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General Chemistry

Chapter 3, lecture 1 of 3

Formulas, Equations, and Moles

$ Atomic weights, molar masses, and related concepts
$ The Mole
$ Mass percent
$ Empirical Formulas from analyses

Some terms to know:

Atomic Mass Unit (amu): A mass unit equal to exactly one-twelfth (1/12) the mass of a carbon atom
(1.6605402x10 kg). One carbon atom weighs 12 amu.

Molecular mass: The sum of the atomic masses of all atoms in a molecule of substance.

Formula mass: The sum of the atomic masses of all atoms in a formula unit of the compound.

Example: Calculate the formula weight of calcium hydroxide.


Question: When do we use formula mass versus molecular mass?

The Mole!

Mole: The quantity of the substance having the same number of elementary entities as there are in
12 g (exactly) of Carbon-12, namely 6.022 x 1023 (Avogadro's Number, NA). Elementary entities may
be atoms, molecules, ions, or specified groups.

Molar Mass: (M, units g mol-1) The mass of Avogadro's number, NA, of elementary entities X,
symbol MX, e.g. MO = 15.999 g mol-1,

For all substances, the molar mass in grams per mole is numerically equal to the formula
weight in atomic mass units.

Question: A) How many moles are in a 20.4 g sample of sodium nitrate? How many formula units?
How many oxygen atoms? B) What is the mass in grams of one formula unit of sodium nitrate?

Percent composition
Through use of the molecular mass of a compound and the atomic mass of each of its constituents
we can determine the mass percentage that each element contributes.

Example: Lead (II) Chromate is used in paint pigment. What is the percent by mass of each
element in Lead (II) Chromate?

Empirical Formulas from Analyses

The empirical formula is the simplest WHOLE number ratio between numbers of different elements
making up a compound,
e.g. Glucose, has molecular formula is C6H12O6 ,the empirical formula is_____________

Procedure for converting mass % to empirical formula:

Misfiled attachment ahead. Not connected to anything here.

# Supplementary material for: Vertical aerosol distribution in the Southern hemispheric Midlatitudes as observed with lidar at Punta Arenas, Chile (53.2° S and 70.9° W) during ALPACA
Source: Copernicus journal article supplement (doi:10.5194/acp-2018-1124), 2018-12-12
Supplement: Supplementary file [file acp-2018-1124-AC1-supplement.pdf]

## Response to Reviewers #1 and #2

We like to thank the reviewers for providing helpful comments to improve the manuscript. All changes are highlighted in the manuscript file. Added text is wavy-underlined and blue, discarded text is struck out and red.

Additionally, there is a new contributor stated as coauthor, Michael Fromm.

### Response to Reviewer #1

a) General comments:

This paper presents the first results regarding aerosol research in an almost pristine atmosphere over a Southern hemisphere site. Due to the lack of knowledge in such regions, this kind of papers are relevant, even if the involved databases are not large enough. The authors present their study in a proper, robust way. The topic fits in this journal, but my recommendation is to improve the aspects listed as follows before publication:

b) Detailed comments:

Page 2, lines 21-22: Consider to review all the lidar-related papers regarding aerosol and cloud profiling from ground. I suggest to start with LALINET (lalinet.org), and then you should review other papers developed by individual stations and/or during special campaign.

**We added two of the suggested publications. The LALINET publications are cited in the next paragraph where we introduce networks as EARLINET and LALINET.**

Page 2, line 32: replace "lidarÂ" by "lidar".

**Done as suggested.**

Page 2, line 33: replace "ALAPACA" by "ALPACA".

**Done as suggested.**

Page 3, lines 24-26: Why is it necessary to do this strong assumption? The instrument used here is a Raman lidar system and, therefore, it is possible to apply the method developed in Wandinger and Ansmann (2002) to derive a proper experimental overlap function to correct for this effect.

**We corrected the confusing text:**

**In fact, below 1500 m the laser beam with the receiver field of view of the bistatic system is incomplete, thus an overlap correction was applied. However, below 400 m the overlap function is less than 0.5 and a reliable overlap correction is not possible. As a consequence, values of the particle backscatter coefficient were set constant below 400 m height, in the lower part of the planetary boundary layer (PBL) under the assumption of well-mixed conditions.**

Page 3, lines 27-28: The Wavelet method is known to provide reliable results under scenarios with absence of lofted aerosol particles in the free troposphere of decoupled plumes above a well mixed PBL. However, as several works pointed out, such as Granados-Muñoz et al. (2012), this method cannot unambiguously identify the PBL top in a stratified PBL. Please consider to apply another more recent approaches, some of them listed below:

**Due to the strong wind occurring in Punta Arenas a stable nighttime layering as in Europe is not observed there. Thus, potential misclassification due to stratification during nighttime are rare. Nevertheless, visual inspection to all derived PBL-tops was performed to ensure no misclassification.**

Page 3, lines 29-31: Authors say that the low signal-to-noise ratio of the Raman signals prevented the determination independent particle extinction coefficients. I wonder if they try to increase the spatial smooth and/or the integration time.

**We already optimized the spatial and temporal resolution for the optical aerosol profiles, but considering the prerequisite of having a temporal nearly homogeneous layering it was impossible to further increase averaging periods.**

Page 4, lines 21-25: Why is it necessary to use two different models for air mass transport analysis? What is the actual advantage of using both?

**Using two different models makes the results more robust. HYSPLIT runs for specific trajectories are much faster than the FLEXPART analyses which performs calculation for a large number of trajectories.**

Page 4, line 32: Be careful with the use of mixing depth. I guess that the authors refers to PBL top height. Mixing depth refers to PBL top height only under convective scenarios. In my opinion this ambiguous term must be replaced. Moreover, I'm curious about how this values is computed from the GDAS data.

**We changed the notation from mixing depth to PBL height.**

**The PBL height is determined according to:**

1. From mass percent assume a 100 g sample to obtain mass of each element.
2. Use atomic weights to obtain moles of each element.
3. Calculate mole ratio by dividing by lowest number of moles.
4. If necessary, multiply to get the whole number mole ratio.

Example: Vitamin C has 40.92% C, 4.58% H and 54.50% O. What is the empirical formula?
Follow procedure outlined above.

Element mass (g) # moles (step 2) Mole ratio (step 3)

Since the mole ratio of H is not close to a whole number we need to multiply by ____in order to make
it whole.

The Empirical Formula is ______________________

Combustion Analysis

The process: A sample is burned in O2 which releases CO2 and H2O as products which are collected
in separate chambers. The masses of H2O and CO2 are then determined and then converted to %C
and %H in the original sample.

Let us learn through an example: We have a 0.2000g sample made up of only C,H, and O.
Combustion analysis yields .2000 g H2O and .4880g CO2. What is the mass of each element in the

1. Determine fraction of H in H2O

H in H2O =

2. Determine mass of H in .2000 g of H2O.

mH =

3. Determine fraction of C in CO2
C in CO2 =

4. Determine mass of C in .4880 g CO2

mC =

4. Determine mass of oxygen in sample by difference. Why?

mO = mass sample - mass H - mass C

From here we could go on and determine the empirical formula for our sample.